Aug. 31 (Bloomberg) -- Heavy rain spread inland from the remnants of Hurricane Isaac, leaving behind flooding that forced thousands into shelters across southeast Louisiana.
As the slow-moving storm, downgraded to a tropical depression, moved away from New Orleans, utility crews began to restore power to more than 769,000 customers in Louisiana, Mississippi and Arkansas, Entergy Corp. said in a statement.
In New Orleans, where reinforced levees forestalled a recurrence of Hurricane Katrina’s 2005 disaster, Mayor Mitchell J. Landrieu lifted a dusk-to-dawn curfew yesterday after cautioning residents during a press conference that “a lot of stuff can still happen.” He announced that Southern Decadence, the city’s largest gay event, and the Rutgers-Tulane football game at the Superdome, will go on as planned this weekend.
“Dodged a bullet this time,” said Chris Pervatt, a waiter at a restaurant in the city’s French Quarter. “It wasn’t that big of a deal, just a heavy rain.”
Isaac's center headed north into Arkansas and was expected to be near St. Louis, Missouri, by tomorrow afternoon, forecasters said. The storm’s winds, near 80 miles per hour when Hurricane Isaac made landfall on Aug. 28, had fallen to about 35 mph late yesterday.
Officials ordered evacuations in Louisiana near the Tangipahoa River because of the potential for a dam break in Mississippi, Louisiana Governor Bobby Jindal said in a news conference yesterday. A flash flood watch was in effect for Pike County, Mississippi, and Tangipahoa Parish, Louisiana, because of the threat, forecasters said.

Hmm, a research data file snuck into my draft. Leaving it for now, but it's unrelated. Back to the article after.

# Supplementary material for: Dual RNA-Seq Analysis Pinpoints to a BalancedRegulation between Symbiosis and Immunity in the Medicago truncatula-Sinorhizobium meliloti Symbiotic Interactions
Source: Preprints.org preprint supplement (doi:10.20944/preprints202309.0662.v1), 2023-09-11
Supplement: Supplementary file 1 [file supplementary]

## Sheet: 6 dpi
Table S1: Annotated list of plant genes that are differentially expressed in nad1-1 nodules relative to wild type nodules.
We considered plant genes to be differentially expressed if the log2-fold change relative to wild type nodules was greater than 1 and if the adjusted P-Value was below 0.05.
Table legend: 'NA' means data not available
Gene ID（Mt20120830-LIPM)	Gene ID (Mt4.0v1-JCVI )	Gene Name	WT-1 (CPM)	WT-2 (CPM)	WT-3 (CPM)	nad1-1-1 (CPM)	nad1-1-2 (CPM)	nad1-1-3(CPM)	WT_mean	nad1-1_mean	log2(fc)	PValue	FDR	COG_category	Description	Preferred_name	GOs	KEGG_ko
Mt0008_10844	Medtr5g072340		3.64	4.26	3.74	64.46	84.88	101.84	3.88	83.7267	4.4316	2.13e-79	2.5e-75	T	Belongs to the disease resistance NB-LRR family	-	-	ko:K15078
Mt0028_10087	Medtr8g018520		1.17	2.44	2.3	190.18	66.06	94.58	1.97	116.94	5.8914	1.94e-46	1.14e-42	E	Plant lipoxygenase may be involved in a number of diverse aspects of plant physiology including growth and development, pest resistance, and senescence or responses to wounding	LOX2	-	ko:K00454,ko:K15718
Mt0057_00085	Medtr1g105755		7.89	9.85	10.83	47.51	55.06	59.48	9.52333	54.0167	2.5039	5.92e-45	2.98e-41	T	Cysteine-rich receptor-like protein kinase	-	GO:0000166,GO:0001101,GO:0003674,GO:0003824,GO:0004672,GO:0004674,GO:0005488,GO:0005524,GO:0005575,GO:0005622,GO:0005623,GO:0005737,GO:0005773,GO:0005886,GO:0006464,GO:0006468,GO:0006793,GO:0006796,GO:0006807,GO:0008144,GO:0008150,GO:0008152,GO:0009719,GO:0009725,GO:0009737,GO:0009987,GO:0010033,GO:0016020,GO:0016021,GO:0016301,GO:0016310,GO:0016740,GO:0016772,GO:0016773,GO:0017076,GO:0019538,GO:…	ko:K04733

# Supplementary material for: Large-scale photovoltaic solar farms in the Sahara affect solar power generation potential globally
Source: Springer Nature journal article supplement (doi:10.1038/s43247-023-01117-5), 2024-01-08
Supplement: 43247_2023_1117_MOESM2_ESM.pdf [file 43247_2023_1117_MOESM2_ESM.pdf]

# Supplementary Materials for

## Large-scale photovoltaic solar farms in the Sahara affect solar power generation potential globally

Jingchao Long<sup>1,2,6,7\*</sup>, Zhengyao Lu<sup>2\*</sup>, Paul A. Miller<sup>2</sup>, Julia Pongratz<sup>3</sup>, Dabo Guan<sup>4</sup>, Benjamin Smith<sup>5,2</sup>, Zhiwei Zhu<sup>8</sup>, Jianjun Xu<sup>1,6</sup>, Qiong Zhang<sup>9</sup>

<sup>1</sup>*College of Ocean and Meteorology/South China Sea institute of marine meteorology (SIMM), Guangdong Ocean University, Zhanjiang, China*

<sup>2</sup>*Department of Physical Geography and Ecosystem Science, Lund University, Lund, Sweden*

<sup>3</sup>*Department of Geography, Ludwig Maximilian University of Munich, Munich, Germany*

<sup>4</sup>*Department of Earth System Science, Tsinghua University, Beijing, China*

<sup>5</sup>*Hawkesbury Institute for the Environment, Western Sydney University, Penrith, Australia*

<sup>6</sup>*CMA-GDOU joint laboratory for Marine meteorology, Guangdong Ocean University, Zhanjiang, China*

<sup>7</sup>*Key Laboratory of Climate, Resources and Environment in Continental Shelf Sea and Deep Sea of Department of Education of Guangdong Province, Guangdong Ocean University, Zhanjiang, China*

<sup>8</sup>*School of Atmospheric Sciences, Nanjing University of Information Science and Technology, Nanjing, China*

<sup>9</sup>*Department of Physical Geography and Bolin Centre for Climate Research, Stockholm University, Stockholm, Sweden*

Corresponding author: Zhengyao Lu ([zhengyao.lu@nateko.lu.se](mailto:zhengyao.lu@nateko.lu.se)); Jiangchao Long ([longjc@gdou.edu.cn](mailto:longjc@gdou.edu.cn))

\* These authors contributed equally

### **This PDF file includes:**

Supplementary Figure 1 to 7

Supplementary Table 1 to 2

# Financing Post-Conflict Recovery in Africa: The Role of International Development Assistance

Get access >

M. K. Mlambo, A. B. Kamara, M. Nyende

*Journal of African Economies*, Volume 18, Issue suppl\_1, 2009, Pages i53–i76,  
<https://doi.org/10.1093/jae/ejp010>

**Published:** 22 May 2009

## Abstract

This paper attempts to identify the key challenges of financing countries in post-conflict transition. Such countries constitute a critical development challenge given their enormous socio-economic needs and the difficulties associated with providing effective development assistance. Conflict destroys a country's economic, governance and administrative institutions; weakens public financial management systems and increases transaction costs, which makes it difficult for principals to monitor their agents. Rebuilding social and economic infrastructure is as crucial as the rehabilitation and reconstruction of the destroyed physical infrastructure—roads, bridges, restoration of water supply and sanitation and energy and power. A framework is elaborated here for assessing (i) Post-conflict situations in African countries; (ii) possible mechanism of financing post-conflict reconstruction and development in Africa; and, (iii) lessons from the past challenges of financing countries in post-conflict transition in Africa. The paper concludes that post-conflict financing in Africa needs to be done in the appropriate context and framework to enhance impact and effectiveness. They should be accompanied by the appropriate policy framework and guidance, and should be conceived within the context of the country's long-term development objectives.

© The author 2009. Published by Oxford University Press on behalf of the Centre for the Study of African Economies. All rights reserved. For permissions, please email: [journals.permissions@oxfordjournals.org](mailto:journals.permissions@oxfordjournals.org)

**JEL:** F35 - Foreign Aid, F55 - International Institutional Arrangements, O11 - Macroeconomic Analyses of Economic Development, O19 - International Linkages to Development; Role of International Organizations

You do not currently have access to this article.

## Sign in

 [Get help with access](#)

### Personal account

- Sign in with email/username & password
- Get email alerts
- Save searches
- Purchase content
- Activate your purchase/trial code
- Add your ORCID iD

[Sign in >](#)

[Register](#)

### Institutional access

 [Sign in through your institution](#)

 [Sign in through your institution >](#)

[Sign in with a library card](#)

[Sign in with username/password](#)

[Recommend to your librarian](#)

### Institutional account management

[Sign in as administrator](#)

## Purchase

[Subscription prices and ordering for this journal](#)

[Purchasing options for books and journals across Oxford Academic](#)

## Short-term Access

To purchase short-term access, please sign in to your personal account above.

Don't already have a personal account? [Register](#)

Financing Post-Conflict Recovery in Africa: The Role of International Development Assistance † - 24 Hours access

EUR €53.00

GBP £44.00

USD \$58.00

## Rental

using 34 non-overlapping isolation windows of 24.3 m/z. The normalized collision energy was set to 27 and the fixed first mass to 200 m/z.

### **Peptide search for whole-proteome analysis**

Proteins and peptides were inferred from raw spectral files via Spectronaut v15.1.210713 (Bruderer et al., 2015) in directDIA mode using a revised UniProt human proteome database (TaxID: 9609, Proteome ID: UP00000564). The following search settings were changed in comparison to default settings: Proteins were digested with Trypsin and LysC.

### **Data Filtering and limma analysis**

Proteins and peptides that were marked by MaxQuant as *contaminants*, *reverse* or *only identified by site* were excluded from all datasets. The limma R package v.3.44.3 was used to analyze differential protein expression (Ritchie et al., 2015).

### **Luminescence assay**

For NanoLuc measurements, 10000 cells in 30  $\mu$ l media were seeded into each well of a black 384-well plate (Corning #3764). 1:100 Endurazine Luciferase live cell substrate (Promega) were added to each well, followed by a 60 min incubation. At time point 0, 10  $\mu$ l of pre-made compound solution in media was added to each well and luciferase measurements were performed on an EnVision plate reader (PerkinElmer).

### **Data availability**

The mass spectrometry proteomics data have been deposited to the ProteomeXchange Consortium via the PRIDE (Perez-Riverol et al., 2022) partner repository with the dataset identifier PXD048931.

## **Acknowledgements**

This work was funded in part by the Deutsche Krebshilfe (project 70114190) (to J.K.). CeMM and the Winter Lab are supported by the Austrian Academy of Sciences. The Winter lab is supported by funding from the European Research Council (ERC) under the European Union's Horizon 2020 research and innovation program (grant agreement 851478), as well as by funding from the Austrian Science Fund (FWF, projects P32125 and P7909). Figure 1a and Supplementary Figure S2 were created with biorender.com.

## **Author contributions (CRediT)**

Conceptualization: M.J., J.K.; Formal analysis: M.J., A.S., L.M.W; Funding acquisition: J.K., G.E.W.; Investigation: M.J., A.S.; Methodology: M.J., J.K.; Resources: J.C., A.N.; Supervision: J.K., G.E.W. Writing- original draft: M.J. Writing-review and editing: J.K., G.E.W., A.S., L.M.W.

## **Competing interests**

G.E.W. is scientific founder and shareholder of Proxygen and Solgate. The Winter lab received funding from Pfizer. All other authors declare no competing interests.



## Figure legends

More than 6,000 people were in shelters, Jindal said.
In St. Tammany Parish, north of New Orleans on the shore of Lake Pontchartrain, parts of Slidell were evacuated after a waterway known as Bayou Bonfouca topped a railroad embankment that acts as a levee, said Suzanne Parsons Stymiest, a parish spokeswoman.
David Lucas watched neighbors wade through waist-deep water in front of his century-old house in the city, relieved that his home and belongings were spared.
“The TV and the guns, I wanted to make sure they were up and high,” said Lucas, 52.
On the edge of Slidell, water was up to the bumpers of cars at a Toyota dealership. Flooded exits from Interstate 10 were closed and pickup trucks plowed slowly through the water on access roads. Workers used bulldozers to push a house-sized pile of debris from the interstate.
In Plaquemines Parish, a region of 25,000 people southeast of New Orleans that ushers the Mississippi River into the Gulf of Mexico, 141 were rescued by boat after water overtopped a levee and flooded their homes, the governor said.
About 900,000 people in Louisiana, representing 43 percent of the state, were without power, Jindal said yesterday. About a third of the state’s nursing homes were operating on generators, the governor said.
Insured losses from the storm may reach $500 million to $1.5 billion before Isaac dissipates, according to Eqecat Inc., a catastrophe-risk modeling company. In 2008, Hurricane Gustav, a more powerful system, caused about $2 billion in damage, the company said.
Rain still fell periodically over downtown New Orleans yesterday. White and orange sandbags in front of the Royal Sonesta Hotel weren’t needed as levees kept water out of the city. Desire Bistro & Oyster Bar at the corner of Bienville and Bourbon streets opened with a limited menu that still managed to include barbecue shrimp and crawfish etouffe. And jazz began spilling into the streets of the French Quarter again.
To contact the reporters on this story: Bradley Olson in Baton Rouge at firstname.lastname@example.org; Duane D. Stanford in Slidell at email@example.com; Esme E. Deprez in New Orleans at firstname.lastname@example.org
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